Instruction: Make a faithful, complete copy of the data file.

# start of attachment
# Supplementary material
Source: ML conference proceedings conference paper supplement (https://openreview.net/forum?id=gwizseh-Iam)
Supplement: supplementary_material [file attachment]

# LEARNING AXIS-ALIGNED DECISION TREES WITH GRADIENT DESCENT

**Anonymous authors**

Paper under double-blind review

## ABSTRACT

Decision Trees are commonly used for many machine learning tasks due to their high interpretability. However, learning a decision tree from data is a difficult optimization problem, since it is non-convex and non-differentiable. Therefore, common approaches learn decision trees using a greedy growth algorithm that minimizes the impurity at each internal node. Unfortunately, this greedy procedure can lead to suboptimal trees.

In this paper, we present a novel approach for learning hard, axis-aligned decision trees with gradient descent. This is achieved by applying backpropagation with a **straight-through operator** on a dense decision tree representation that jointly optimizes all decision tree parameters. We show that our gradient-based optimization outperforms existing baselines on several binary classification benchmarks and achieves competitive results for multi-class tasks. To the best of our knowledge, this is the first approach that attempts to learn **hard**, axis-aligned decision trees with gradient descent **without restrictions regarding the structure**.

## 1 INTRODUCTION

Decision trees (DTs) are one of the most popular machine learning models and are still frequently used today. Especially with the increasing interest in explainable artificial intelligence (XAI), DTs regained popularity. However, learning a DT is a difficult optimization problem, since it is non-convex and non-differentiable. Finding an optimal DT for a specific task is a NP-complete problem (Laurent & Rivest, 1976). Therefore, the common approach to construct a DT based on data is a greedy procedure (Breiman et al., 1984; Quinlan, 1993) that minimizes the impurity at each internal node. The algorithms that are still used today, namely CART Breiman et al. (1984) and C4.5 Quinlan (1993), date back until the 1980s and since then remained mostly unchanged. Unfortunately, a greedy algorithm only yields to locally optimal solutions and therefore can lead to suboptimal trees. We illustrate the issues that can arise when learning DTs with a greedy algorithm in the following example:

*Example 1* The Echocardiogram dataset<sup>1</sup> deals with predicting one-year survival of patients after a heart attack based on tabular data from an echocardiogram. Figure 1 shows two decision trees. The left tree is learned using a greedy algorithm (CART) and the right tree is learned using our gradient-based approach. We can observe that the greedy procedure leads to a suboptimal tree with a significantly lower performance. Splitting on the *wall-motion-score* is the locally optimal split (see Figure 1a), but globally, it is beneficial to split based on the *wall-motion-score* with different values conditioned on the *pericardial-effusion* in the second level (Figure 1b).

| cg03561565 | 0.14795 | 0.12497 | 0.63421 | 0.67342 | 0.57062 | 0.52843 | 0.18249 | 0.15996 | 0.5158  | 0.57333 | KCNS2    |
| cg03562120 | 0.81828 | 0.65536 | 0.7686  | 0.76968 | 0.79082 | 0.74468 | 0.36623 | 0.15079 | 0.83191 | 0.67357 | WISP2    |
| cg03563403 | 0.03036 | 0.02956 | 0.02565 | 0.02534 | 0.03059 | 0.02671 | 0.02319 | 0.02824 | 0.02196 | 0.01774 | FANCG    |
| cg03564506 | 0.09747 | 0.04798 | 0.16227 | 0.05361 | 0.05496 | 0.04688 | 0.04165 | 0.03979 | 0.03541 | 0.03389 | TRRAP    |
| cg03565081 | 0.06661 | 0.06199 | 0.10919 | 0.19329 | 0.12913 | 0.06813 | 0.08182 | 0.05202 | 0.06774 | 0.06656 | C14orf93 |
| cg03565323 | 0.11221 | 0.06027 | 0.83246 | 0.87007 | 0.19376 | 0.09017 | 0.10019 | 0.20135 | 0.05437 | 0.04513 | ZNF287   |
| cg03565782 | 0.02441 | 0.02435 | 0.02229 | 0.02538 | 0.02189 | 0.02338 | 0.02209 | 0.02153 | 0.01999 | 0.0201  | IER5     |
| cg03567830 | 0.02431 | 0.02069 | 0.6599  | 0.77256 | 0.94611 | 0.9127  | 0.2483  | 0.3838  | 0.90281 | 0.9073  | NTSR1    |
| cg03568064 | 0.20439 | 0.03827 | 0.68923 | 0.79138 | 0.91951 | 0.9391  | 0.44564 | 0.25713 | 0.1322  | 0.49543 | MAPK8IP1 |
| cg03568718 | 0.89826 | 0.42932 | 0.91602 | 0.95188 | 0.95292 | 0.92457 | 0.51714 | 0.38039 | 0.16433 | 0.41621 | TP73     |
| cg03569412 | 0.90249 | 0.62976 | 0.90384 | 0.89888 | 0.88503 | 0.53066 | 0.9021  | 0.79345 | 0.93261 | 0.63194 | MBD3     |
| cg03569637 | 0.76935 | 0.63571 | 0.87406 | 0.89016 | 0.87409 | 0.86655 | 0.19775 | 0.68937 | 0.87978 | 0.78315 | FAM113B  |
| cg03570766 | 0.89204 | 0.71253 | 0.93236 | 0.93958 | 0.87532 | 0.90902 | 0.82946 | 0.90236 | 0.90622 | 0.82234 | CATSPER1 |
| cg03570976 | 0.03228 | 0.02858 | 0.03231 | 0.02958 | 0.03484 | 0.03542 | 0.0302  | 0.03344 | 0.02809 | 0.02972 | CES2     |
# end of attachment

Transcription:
# Supplementary material
Source: ML conference proceedings conference paper supplement (https://openreview.net/forum?id=gwizseh-Iam)
Supplement: supplementary_material [file attachment]

# LEARNING AXIS-ALIGNED DECISION TREES WITH GRADIENT DESCENT

**Anonymous authors**

Paper under double-blind review

## ABSTRACT

Decision Trees are commonly used for many machine learning tasks due to their high interpretability. However, learning a decision tree from data is a difficult optimization problem, since it is non-convex and non-differentiable. Therefore, common approaches learn decision trees using a greedy growth algorithm that minimizes the impurity at each internal node. Unfortunately, this greedy procedure can lead to suboptimal trees.

In this paper, we present a novel approach for learning hard, axis-aligned decision trees with gradient descent. This is achieved by applying backpropagation with a **straight-through operator** on a dense decision tree representation that jointly optimizes all decision tree parameters. We show that our gradient-based optimization outperforms existing baselines on several binary classification benchmarks and achieves competitive results for multi-class tasks. To the best of our knowledge, this is the first approach that attempts to learn **hard**, axis-aligned decision trees with gradient descent **without restrictions regarding the structure**.

## 1 INTRODUCTION

Decision trees (DTs) are one of the most popular machine learning models and are still frequently used today. Especially with the increasing interest in explainable artificial intelligence (XAI), DTs regained popularity. However, learning a DT is a difficult optimization problem, since it is non-convex and non-differentiable. Finding an optimal DT for a specific task is a NP-complete problem (Laurent & Rivest, 1976). Therefore, the common approach to construct a DT based on data is a greedy procedure (Breiman et al., 1984; Quinlan, 1993) that minimizes the impurity at each internal node. The algorithms that are still used today, namely CART Breiman et al. (1984) and C4.5 Quinlan (1993), date back until the 1980s and since then remained mostly unchanged. Unfortunately, a greedy algorithm only yields to locally optimal solutions and therefore can lead to suboptimal trees. We illustrate the issues that can arise when learning DTs with a greedy algorithm in the following example:

*Example 1* The Echocardiogram dataset<sup>1</sup> deals with predicting one-year survival of patients after a heart attack based on tabular data from an echocardiogram. Figure 1 shows two decision trees. The left tree is learned using a greedy algorithm (CART) and the right tree is learned using our gradient-based approach. We can observe that the greedy procedure leads to a suboptimal tree with a significantly lower performance. Splitting on the *wall-motion-score* is the locally optimal split (see Figure 1a), but globally, it is beneficial to split based on the *wall-motion-score* with different values conditioned on the *pericardial-effusion* in the second level (Figure 1b).

| cg03561565 | 0.14795 | 0.12497 | 0.63421 | 0.67342 | 0.57062 | 0.52843 | 0.18249 | 0.15996 | 0.5158  | 0.57333 | KCNS2    |
| cg03562120 | 0.81828 | 0.65536 | 0.7686  | 0.76968 | 0.79082 | 0.74468 | 0.36623 | 0.15079 | 0.83191 | 0.67357 | WISP2    |
| cg03563403 | 0.03036 | 0.02956 | 0.02565 | 0.02534 | 0.03059 | 0.02671 | 0.02319 | 0.02824 | 0.02196 | 0.01774 | FANCG    |
| cg03564506 | 0.09747 | 0.04798 | 0.16227 | 0.05361 | 0.05496 | 0.04688 | 0.04165 | 0.03979 | 0.03541 | 0.03389 | TRRAP    |
| cg03565081 | 0.06661 | 0.06199 | 0.10919 | 0.19329 | 0.12913 | 0.06813 | 0.08182 | 0.05202 | 0.06774 | 0.06656 | C14orf93 |
| cg03565323 | 0.11221 | 0.06027 | 0.83246 | 0.87007 | 0.19376 | 0.09017 | 0.10019 | 0.20135 | 0.05437 | 0.04513 | ZNF287   |
| cg03565782 | 0.02441 | 0.02435 | 0.02229 | 0.02538 | 0.02189 | 0.02338 | 0.02209 | 0.02153 | 0.01999 | 0.0201  | IER5     |
| cg03567830 | 0.02431 | 0.02069 | 0.6599  | 0.77256 | 0.94611 | 0.9127  | 0.2483  | 0.3838  | 0.90281 | 0.9073  | NTSR1    |
| cg03568064 | 0.20439 | 0.03827 | 0.68923 | 0.79138 | 0.91951 | 0.9391  | 0.44564 | 0.25713 | 0.1322  | 0.49543 | MAPK8IP1 |
| cg03568718 | 0.89826 | 0.42932 | 0.91602 | 0.95188 | 0.95292 | 0.92457 | 0.51714 | 0.38039 | 0.16433 | 0.41621 | TP73     |
| cg03569412 | 0.90249 | 0.62976 | 0.90384 | 0.89888 | 0.88503 | 0.53066 | 0.9021  | 0.79345 | 0.93261 | 0.63194 | MBD3     |
| cg03569637 | 0.76935 | 0.63571 | 0.87406 | 0.89016 | 0.87409 | 0.86655 | 0.19775 | 0.68937 | 0.87978 | 0.78315 | FAM113B  |
| cg03570766 | 0.89204 | 0.71253 | 0.93236 | 0.93958 | 0.87532 | 0.90902 | 0.82946 | 0.90236 | 0.90622 | 0.82234 | CATSPER1 |
| cg03570976 | 0.03228 | 0.02858 | 0.03231 | 0.02958 | 0.03484 | 0.03542 | 0.0302  | 0.03344 | 0.02809 | 0.02972 | CES2     |